To Lent or Not to Lent?
Next Wednesday (March 1) is Ash Wednesday, and that marks the beginning of Lent. But what exactly is Lent?
If you grew up in a Catholic or traditional protestant denomination, you may have been to an Ash Wednesday service and had ashes painted on your forehead in the sign of the cross. You may have given up chocolate or movies or chewing gum during lent. And you may have wondered what this was all about.
You won’t find “Lent” in the Bible. In fact, you won’t find much of the traditional church calendar in the Bible. Jesus commanded us to do two ceremonial things: to be baptized as a sign of our faith in him and to remember his death on our behalf through the Lord’s supper (communion). Over the centuries church denominations have developed many other traditions to help us remember other parts of Jesus’ story and its significance to our life of faith today. Celebrating these traditional seasons can be very meaningful, but they are certainly not essential.
Lent began in the 4th Century as a way for Catholics to remind themselves of the value of repentance. It begins with Ash Wednesday and ends with Easter Sunday; this is 46 days, or 40 days not counting Sundays. The 40 days is significant because it’s the amount of time Jesus spent in the desert fasting before he began his ministry. At the end of this time he was tempted by the devil (Matthew 4:1-11; Luke 4:1-13). In a sense lent brings together the book ends of Jesus’ ministry, linking his fast at the beginning of his ministry with preparing ourselves to celebrate his death and resurrection (Easter) at the end of his ministry on earth.
Traditionally, lent became a time to fast or give up something pleasurable as a form of self-discipline. It also became a time to focus on repentance from sin. Fasting can be a good thing (we sometimes invite our church family to practice a full or partial fast for a week or two to so we can devote extra time and attention to prayer). If practicing a Lenten fast helps you grow in your relationship with God, then we encourage you to do so. For example, you might give up desserts and find that your sweet-tooth cravings are a great reminder that you need God (even more than sugar!), which might prompt you to pray for his comfort and his wisdom, and to be more aware of his presence. But if, as has sometimes been the case in some Christian traditions, practicing Lent becomes a way to try to earn God’s blessings, then you might be better not to practice Lent to remind yourself that we are saved by grace, not by anything we do. For by grace you have been saved through faith. And this is not your own doing; it is the gift of God, not a result of works, so that no one may boast. (Ephesians 2:8-9). The time leading up to Good Friday and Easter when we remember Jesus death and resurrection may be a good time to focus on repenting from sinful habits (especially if giving them up for a few weeks helps you quit). But we don’t have to set aside a special time of the year for this. We want to confess our sin and ask God to forgive us every day of the year, not just during Lent.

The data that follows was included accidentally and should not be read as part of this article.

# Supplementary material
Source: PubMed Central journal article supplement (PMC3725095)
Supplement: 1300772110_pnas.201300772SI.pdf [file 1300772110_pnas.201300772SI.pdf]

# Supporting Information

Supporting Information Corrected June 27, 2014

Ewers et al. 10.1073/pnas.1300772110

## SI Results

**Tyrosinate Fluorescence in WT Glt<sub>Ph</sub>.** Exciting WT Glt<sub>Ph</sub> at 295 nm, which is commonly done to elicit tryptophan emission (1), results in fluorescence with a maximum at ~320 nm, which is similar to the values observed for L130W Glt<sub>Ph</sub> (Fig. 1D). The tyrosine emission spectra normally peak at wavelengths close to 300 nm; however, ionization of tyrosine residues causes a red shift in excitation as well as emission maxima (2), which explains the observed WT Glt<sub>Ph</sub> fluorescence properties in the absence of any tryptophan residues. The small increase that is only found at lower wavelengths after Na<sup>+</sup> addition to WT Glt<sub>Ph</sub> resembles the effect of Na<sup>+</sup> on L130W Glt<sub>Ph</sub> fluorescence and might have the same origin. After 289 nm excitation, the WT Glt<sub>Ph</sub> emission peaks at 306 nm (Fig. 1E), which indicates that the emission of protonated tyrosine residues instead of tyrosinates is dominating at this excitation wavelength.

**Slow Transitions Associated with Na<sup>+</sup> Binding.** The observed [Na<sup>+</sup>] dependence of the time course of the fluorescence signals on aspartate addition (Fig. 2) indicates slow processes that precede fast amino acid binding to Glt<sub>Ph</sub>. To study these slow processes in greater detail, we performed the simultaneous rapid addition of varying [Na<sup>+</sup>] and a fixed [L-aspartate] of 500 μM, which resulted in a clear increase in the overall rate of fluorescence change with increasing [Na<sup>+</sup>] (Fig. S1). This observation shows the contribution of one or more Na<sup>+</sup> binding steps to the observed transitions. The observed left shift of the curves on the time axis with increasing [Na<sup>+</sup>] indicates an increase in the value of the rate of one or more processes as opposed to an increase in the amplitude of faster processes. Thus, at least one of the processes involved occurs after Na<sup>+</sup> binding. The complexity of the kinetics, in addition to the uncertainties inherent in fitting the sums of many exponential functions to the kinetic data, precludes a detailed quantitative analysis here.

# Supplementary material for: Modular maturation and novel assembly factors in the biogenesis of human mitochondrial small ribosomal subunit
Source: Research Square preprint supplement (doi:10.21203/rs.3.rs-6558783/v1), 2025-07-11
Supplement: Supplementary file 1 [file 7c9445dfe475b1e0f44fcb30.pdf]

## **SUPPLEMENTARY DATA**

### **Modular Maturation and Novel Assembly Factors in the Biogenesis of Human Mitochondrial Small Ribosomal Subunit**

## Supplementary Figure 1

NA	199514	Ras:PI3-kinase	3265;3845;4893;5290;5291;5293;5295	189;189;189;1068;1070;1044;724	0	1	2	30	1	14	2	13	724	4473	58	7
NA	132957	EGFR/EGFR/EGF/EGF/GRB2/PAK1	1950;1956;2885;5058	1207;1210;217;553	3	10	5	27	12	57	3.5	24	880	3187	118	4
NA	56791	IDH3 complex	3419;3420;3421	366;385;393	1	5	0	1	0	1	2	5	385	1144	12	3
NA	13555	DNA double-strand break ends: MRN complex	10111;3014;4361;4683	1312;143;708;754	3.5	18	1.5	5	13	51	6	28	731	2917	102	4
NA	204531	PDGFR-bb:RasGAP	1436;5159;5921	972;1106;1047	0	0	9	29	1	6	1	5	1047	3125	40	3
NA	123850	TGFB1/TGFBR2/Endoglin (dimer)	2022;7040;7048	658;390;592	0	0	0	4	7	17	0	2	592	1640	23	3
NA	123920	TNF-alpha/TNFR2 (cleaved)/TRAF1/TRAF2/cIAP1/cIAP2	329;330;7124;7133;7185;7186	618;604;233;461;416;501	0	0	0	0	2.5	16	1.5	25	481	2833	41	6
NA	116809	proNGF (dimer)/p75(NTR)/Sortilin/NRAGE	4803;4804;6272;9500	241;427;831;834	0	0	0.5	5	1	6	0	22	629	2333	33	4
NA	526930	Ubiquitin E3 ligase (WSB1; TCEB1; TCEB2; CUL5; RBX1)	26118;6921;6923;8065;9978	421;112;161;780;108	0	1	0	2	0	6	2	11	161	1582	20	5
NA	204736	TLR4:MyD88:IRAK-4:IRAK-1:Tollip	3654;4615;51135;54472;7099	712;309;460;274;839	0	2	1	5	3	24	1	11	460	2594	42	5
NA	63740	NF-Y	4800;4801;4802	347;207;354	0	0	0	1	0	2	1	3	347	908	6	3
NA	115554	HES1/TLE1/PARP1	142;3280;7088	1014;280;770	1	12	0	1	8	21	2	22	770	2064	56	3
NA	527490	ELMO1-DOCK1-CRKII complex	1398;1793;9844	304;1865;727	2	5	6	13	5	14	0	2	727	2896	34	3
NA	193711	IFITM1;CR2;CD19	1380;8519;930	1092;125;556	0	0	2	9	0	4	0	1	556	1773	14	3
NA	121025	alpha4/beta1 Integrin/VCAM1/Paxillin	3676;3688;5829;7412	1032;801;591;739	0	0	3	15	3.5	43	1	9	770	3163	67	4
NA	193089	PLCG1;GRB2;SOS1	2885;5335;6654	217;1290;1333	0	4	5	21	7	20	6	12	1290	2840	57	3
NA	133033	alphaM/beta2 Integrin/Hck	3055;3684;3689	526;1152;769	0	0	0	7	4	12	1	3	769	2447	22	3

So to Lent, or not to Lent? What is God calling you to do this year?
(Written by Gill Robertson)